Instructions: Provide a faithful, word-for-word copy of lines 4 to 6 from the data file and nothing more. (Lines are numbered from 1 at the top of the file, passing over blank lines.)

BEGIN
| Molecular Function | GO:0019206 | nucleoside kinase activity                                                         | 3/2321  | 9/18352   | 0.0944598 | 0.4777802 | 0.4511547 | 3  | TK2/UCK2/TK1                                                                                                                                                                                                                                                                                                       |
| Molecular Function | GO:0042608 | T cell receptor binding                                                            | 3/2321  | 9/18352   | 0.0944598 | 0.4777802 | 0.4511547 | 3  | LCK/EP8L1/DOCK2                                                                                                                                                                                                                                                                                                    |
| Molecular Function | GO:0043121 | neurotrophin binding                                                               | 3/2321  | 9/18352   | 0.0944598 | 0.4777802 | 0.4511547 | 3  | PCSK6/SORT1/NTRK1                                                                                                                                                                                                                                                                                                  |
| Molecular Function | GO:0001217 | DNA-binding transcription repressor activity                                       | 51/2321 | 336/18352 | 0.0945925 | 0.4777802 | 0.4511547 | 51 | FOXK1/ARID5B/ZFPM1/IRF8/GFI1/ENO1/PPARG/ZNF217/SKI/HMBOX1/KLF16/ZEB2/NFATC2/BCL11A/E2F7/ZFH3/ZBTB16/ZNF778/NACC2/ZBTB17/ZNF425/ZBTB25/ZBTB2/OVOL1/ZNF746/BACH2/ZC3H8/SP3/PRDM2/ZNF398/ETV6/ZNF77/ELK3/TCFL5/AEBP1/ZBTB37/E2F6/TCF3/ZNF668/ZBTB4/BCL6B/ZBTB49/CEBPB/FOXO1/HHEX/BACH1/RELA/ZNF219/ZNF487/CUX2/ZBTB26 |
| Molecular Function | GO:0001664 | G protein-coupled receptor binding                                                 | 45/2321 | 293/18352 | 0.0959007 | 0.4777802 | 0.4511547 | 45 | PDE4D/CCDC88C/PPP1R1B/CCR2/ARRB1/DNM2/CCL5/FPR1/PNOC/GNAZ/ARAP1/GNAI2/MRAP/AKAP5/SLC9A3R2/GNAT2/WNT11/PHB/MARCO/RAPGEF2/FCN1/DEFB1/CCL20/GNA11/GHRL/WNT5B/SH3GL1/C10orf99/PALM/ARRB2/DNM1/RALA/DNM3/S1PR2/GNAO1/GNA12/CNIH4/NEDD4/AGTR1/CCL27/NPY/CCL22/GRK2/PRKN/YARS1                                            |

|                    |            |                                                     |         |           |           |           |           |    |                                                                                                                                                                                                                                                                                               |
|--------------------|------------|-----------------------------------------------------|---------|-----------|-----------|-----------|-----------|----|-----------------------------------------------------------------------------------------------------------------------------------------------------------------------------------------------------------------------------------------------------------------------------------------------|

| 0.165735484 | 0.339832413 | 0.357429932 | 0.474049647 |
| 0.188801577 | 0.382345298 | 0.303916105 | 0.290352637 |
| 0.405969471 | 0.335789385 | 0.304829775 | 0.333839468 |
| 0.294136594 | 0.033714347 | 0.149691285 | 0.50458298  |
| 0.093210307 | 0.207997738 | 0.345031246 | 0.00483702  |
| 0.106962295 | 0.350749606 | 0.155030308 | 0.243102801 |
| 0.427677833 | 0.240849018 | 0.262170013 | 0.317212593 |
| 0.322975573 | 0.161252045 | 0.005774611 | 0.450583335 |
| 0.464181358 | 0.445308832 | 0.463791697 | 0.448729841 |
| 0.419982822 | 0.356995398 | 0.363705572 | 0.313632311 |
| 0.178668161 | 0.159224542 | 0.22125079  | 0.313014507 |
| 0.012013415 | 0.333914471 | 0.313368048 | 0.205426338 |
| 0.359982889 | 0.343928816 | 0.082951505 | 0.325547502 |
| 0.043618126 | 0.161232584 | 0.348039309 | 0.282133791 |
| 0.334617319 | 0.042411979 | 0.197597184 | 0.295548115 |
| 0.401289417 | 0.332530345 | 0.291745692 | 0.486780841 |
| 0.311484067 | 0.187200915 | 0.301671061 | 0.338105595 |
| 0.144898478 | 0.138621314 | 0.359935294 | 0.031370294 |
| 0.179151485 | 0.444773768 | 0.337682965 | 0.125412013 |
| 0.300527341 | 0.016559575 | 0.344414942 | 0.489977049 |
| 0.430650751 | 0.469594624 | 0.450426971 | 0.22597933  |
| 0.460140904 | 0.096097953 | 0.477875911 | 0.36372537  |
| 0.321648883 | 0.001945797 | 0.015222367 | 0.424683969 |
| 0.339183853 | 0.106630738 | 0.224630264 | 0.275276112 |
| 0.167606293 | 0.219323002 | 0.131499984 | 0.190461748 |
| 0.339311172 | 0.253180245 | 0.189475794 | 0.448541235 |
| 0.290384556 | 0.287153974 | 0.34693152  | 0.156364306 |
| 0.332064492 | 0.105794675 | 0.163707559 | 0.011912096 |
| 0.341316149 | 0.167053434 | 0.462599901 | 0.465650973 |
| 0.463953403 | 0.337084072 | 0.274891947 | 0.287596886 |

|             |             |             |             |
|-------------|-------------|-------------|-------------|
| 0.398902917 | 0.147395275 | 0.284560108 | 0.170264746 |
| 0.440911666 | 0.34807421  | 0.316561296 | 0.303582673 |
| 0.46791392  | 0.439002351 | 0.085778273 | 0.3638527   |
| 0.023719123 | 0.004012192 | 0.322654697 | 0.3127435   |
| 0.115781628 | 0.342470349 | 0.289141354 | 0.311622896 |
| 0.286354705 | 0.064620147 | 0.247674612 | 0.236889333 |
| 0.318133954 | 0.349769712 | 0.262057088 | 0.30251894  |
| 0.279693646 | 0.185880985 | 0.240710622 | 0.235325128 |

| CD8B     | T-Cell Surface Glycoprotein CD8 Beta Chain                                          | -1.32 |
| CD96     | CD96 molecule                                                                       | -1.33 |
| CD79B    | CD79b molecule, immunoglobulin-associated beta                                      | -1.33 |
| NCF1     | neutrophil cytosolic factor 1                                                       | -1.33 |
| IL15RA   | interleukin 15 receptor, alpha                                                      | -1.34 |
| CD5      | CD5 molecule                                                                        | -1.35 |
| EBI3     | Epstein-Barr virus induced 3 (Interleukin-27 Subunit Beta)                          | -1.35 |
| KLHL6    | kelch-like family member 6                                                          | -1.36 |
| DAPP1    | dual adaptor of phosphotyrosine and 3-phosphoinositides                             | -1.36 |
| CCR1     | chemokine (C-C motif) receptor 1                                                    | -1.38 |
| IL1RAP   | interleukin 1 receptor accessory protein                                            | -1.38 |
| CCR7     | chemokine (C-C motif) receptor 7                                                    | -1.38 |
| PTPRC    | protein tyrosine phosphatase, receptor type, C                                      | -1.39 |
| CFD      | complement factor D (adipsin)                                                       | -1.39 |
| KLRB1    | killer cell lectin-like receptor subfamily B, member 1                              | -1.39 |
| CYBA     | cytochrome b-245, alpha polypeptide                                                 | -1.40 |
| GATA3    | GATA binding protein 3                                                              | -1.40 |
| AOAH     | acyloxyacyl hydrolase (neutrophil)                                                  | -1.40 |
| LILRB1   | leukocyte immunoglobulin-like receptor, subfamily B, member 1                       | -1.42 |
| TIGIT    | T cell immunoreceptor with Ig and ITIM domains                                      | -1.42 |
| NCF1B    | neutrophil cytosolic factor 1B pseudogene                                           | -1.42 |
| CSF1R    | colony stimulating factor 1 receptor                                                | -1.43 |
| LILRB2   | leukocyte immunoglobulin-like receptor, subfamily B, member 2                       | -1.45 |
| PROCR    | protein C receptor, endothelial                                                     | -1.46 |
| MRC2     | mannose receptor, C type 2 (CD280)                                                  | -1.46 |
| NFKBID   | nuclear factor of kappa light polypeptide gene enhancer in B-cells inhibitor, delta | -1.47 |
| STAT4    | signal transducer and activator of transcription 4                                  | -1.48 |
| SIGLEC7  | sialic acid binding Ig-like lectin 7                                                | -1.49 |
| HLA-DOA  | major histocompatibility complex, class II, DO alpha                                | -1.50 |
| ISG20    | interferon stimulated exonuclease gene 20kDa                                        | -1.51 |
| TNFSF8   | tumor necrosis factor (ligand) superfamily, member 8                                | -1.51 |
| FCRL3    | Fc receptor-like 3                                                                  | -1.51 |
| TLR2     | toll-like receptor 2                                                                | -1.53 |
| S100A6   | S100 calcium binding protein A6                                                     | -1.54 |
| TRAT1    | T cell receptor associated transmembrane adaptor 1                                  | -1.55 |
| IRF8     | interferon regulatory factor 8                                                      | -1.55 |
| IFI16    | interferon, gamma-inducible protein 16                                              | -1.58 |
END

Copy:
| Molecular Function | GO:0001217 | DNA-binding transcription repressor activity                                       | 51/2321 | 336/18352 | 0.0945925 | 0.4777802 | 0.4511547 | 51 | FOXK1/ARID5B/ZFPM1/IRF8/GFI1/ENO1/PPARG/ZNF217/SKI/HMBOX1/KLF16/ZEB2/NFATC2/BCL11A/E2F7/ZFH3/ZBTB16/ZNF778/NACC2/ZBTB17/ZNF425/ZBTB25/ZBTB2/OVOL1/ZNF746/BACH2/ZC3H8/SP3/PRDM2/ZNF398/ETV6/ZNF77/ELK3/TCFL5/AEBP1/ZBTB37/E2F6/TCF3/ZNF668/ZBTB4/BCL6B/ZBTB49/CEBPB/FOXO1/HHEX/BACH1/RELA/ZNF219/ZNF487/CUX2/ZBTB26 |
| Molecular Function | GO:0001664 | G protein-coupled receptor binding                                                 | 45/2321 | 293/18352 | 0.0959007 | 0.4777802 | 0.4511547 | 45 | PDE4D/CCDC88C/PPP1R1B/CCR2/ARRB1/DNM2/CCL5/FPR1/PNOC/GNAZ/ARAP1/GNAI2/MRAP/AKAP5/SLC9A3R2/GNAT2/WNT11/PHB/MARCO/RAPGEF2/FCN1/DEFB1/CCL20/GNA11/GHRL/WNT5B/SH3GL1/C10orf99/PALM/ARRB2/DNM1/RALA/DNM3/S1PR2/GNAO1/GNA12/CNIH4/NEDD4/AGTR1/CCL27/NPY/CCL22/GRK2/PRKN/YARS1                                            |

|                    |            |                                                     |         |           |           |           |           |    |                                                                                                                                                                                                                                                                                               |